24 jun 2011

DOGON Exhibition at quai Branly

Dogon exhibition at Quai Branly
Exhibition: DOGON
5 April to 24 July 2011
Opening times: Tuesday, Wednesday and Sunday 11 to 19h, Thursday, Friday and Saturday 11 to 21h
Place: Musée du quai Branly, 37 quai Branly, Paris (France)
Entrance fee:  7 €
About the exhibition:
The DOGON exhibition presents Dogon culture and art history from the 10th century until today through more than 330 exceptional pieces from international collections and presented together for the first time in France.
Dogon area (Mali) art ranks among the best known art created by African cultures. The art from the Dogon area is considered as one of the best known art created by African cultures. Along with the masterpieces that have brought fame to Dogon art, the exhibition presents cultural and daily life objects that reflect the metaphysical and aesthetic concerns of the populations who made them. The typology of these objects, made with various and complex techniques, has rarely been revealed in light of the main pieces of the statuary ensemble.
Over ten centuries of settlement history, of artistic and cultural influences are thus explored through a unique ensemble of essential masterpieces and unseen daily life objects that reflect the progressive settlement of Dogon area and the richness of its stylistic.
The exhibition created by the musée du quai Branly shows the whole force of sculptural art developed by the Dogon, whether made of wood or metal, or expressed in large impressive pieces or powerful small objects.
In the 2000 m2 Garden Gallery, the DOGON exhibition is set in three great thematic parts representing the culture and art history of the Dogon people through a variety of artistic outputs.

Recent historical research on West Africa has revealed that populations in various areas of the region were not isolated. Migration waves, caravan itineraries, long-distance commercial trade and exchanges with other Bandiagara peoples had left behind an intricate network of contacts long before the arrival of Europeans. This is how the Dogon peoples could benefit from assets brought about by neighbouring civilizations.

Beyond the apparent unity of a common identity built over the centuries, the statues in this part of the exhibition reveal the remarkable creativity of Dogon people and the great diversity of its artistic production. It explores the underlying complexity of Dogon area, falsely perceived as a cultural continuum.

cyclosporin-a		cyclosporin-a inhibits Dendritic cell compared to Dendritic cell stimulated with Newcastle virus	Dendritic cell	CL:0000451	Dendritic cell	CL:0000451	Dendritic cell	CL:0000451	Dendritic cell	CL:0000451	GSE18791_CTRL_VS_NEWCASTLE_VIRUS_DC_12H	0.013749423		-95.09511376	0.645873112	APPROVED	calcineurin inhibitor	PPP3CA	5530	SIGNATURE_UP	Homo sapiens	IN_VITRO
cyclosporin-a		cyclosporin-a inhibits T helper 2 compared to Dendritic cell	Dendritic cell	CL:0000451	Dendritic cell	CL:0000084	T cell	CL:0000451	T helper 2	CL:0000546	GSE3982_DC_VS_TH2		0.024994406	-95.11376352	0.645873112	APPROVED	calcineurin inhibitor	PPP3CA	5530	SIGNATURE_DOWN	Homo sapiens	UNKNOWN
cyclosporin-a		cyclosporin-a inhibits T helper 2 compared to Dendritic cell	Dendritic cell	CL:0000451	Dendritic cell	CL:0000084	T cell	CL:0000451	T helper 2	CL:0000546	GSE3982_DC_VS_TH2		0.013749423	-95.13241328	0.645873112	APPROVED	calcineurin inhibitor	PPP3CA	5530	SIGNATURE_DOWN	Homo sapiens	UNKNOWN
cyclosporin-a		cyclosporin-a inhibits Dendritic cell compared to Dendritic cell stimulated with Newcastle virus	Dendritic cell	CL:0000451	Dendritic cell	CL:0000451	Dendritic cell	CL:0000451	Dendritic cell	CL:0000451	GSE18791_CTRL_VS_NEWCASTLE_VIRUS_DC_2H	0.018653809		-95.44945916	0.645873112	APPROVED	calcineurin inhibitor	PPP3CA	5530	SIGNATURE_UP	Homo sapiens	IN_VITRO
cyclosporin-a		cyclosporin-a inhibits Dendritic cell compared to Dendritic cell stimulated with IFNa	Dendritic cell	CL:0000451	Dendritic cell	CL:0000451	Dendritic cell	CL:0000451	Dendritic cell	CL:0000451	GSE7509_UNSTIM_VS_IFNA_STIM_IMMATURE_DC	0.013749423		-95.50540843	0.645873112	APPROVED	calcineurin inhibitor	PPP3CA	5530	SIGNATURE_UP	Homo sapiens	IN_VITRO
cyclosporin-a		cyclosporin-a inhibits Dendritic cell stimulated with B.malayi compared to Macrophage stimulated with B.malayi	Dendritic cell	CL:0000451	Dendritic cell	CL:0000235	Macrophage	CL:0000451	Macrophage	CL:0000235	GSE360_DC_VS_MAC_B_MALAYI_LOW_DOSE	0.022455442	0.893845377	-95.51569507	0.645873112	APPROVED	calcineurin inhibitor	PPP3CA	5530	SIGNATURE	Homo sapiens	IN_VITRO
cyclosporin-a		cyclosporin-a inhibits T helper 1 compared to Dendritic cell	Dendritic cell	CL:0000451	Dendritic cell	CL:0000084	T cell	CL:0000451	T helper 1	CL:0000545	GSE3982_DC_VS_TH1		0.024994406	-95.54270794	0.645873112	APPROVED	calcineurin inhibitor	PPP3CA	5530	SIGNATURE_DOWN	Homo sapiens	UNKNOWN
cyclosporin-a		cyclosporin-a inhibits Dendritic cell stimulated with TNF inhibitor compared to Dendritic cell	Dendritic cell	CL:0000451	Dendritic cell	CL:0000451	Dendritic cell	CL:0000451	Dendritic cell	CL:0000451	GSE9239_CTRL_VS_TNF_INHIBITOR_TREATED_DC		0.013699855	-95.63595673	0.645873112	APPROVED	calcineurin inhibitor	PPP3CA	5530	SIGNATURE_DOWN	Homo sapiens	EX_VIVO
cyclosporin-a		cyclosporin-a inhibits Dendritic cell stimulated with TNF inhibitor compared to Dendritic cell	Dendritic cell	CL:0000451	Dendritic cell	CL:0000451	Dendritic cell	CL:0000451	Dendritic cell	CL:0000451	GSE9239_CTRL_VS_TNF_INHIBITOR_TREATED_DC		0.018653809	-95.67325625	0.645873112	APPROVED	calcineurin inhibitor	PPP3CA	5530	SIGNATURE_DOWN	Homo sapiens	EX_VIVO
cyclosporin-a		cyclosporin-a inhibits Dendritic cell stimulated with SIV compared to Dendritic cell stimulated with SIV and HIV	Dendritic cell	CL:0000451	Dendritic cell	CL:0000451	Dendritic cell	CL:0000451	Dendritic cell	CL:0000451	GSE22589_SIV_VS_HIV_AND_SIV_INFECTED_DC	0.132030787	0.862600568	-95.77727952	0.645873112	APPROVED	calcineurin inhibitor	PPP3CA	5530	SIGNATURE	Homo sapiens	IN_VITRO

Divided in different styles corresponding to diverse groups of people or geographical zones, 133 exceptional sculptures exemplify this wealth of diversity: Djennenke, N’Duleri, Tombo, Niongom and Tellem, Gogon-Mande, Tintam, Bombou Toro, Kambari, Komakan, and the styles of the Séno plain and escarpment.
Upon their arrival in the Bandiagara plateau, the Dogon encountered groups already living in the region and having developed a material culture.
In the cliff’s area, Tellem sculptures and textiles found in the sanctuaries coexist with Niongom and Mande Dogon art, while Djennenke sculptures in the North of the plateau and Tombo pieces in its centre derive from different migration waves.

In the West, the emerging interest for Dogon art, from the 1893 Bandiagara conquest onwards is, above all, a scientific pursuit, fully expressed by the Dakar-Djibouti Mission (1931-1933). This part of the exhibition explores the institutional methods used during the gathering of the first collections, which were the first step towards spreading knowledge on Dogon art in the West.
Two figures of the anthropological imagination, Louis Desplagnes and Marcel Griaule, exemplify how Dogon art captured European curiosity and taste.

* Rupestral paintings
In 1907, in his book entitled Le plateau central nigérien, Louis Desplagnes tells about how he started the very first research on Dogon area arts and cultures after an expedition in the Bandiagara region. He unveiled cave art, remarkable for the liveliness and energy of its expression. His collections were then handed to the ethnography Museum of the Trocadéro.
About twenty rupestral paintings are presented in this subsection.

* Masks
In Masques dogons (1938), Marcel Griaule introduces a very precise ethnographic typology.
Favoured research subject, the Dogon mask plays a role in laying the foundations of this specific ethnological practice. 35 Dogon masks recall the classification proposed in his book.

Along with scientific endeavours and new field research missions, the fascination for Dogon objects and sculptures is increasing. Collectors are not only seeking statuary Dogon objects, but also unique objects. A 35-minutes montage of excerpts from Jean Rouch’s Dama d’Ambarra (1974) adds to the first part of this sequence.

The 140 objects exposed in the last section reveal that Dogon sculptors tend to express the original myth when creating daily life objects and architectural components such as jewels, bronze and iron objects, pulleys, doors, locks, seats, headrests, animal sculptures, altars, arches, cups and plates. They evoke the same magical and theological subjects as the sculptures displayed in the first part.

At the end of the itinerary, the Pillars of Togu Na, the “House of Words” –open-construction built at the centre of Dogon villages - lead to the musée du quai Branly’s Djennenke statue, essential masterpiece of Dogon area art.

© Text and image: www.quaibranly.fr

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